Lead Author(s): Jeff Martin, MD
Definition of Point Prevalence
Point prevalence is the number of persons with disease in a time interval (eg, one year) divided by number of persons in the population; that is, prevalence at the beginning of an interval plus any incident cases.
The distinction between point prevalence and period prevalence is often not made because most prevalence estimates that you will encounter in the medical literature are point prevalence.
Example of Point Prevalence
The National Health and Nutrition Examination Survey (NHANES) III is a probability sample of all U.S. residents carried out from 1988 to 1994.
NHANES III was carried out over 6 years between 1988 and 1994. We are looking at the point prevalence of antibodies to the human immodeficiency virus (HIV) in these study patients. Each person’s blood was drawn at a single point in time. Of course, testing all of those blood samples together as if they were all drawn at a single point in time does make an assumption that the point prevalence wasn’t changing during the time it took to carry out the entire NHANES III study. This certainly would have been a poor assumption had NHANES III taken place in the early 1980’s, and it may also be questionable for the 1988 to 1994 time period.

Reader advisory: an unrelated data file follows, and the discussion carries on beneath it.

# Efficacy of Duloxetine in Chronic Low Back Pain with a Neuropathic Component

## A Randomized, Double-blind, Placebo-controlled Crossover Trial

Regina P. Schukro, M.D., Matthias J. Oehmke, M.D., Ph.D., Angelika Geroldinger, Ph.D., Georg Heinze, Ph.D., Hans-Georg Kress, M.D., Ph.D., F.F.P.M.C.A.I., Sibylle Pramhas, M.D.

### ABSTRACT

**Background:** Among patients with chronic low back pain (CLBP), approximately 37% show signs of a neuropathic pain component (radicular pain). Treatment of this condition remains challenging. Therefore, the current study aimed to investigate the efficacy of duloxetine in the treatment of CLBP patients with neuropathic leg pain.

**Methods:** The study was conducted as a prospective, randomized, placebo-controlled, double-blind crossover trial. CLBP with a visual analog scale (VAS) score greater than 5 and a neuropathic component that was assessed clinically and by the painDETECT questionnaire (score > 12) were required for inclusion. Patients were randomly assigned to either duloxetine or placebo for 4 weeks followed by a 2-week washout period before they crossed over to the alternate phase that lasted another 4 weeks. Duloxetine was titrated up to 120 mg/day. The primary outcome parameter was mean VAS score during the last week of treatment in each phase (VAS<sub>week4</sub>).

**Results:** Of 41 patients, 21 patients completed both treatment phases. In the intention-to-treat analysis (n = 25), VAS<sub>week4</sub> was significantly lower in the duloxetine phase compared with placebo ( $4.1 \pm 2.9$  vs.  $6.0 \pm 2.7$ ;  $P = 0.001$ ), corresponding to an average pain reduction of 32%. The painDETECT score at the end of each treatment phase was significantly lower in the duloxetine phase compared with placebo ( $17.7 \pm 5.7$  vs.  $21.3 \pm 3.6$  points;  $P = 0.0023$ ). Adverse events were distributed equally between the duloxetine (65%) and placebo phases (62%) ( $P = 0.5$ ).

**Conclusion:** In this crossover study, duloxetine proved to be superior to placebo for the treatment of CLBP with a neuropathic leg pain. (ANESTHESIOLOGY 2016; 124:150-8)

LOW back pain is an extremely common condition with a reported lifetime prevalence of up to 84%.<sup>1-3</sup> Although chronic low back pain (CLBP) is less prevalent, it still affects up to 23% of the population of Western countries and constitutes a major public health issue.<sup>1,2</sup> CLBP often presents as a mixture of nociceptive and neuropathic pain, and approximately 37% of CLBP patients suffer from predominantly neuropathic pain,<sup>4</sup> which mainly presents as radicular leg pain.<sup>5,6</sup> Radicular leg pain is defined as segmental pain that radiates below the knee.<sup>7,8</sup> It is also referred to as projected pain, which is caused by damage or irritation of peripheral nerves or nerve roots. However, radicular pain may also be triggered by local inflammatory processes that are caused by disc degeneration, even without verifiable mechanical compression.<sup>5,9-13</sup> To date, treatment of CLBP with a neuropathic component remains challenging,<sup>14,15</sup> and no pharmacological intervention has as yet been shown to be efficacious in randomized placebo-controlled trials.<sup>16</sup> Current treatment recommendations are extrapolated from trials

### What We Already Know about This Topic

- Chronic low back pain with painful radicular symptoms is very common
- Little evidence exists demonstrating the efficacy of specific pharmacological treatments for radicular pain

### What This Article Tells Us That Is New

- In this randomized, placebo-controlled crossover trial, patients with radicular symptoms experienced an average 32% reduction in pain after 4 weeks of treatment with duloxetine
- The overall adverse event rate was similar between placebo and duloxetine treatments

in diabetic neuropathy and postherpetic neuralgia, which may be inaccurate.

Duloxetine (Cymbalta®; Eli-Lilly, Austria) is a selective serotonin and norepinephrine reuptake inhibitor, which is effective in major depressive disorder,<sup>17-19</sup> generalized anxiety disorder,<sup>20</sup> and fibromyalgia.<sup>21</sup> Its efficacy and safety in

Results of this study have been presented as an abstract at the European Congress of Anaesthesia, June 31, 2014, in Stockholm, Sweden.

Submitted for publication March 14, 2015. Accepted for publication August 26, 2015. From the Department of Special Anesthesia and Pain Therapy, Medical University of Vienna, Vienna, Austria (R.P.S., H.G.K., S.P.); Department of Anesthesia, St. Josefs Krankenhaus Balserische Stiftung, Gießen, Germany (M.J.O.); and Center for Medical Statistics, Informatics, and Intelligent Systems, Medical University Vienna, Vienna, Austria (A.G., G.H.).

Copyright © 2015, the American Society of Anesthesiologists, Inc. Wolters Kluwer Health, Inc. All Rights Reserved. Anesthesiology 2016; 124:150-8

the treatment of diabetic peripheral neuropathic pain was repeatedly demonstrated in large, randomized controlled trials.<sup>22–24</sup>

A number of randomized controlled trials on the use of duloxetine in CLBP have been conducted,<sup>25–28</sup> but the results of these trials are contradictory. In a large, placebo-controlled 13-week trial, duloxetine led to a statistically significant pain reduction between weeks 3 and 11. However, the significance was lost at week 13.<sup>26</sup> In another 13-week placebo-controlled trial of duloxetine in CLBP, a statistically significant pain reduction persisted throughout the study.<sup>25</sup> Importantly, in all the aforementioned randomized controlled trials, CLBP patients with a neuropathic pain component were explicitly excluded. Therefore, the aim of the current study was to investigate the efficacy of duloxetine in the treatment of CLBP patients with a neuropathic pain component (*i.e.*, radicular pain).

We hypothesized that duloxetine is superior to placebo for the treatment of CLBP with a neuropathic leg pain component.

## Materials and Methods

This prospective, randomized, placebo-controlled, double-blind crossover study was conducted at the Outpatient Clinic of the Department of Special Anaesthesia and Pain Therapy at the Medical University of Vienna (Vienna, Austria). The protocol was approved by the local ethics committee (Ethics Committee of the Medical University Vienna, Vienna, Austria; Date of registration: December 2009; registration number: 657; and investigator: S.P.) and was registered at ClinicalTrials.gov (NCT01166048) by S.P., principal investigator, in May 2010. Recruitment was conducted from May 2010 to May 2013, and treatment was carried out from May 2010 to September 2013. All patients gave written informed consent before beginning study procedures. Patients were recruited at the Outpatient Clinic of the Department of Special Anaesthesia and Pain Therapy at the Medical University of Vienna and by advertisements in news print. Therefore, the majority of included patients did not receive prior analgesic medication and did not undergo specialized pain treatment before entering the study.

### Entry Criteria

The concept illustrated is that point prevalence is not a function of the length of time it takes to conduct the study.
- It is a function of the time period represented by the measurement.
- So a single blood sample represents one point in time.
- Although it may take a while to gather all of the samples, most prevalence studies don’t take 6 years, and the assumption of not much change in the prevalence being measured during the period of carrying out the study is usually reasonable.
HIV Prevalence in NHANES Population
McQuillan et al 1997 reported that:
Estimated national prevalence of 461,000 individuals or 0.18% of the population was HIV-infected.
This particular estimate of HIV prevalence was undoubtedly too low, as the authors acknowledged, because NHANES does not get a good sample of some of the groups at high risk for HIV infection, especially injecting drug users and probably gay men.
- They made some calculations and adjusted this estimate upward by about 200,000 persons.
McQuillan, G. M., Khare, M., Karon, J. M., Schable, C. A., & Vlahov, D. (1997). Update on the seroepidemiology of human immunodeficiency virus in the United States household population: NHANES III, 1988-1994. J Acquir Immune Defic Syndr Hum Retrovirol, 14(4), 355-360.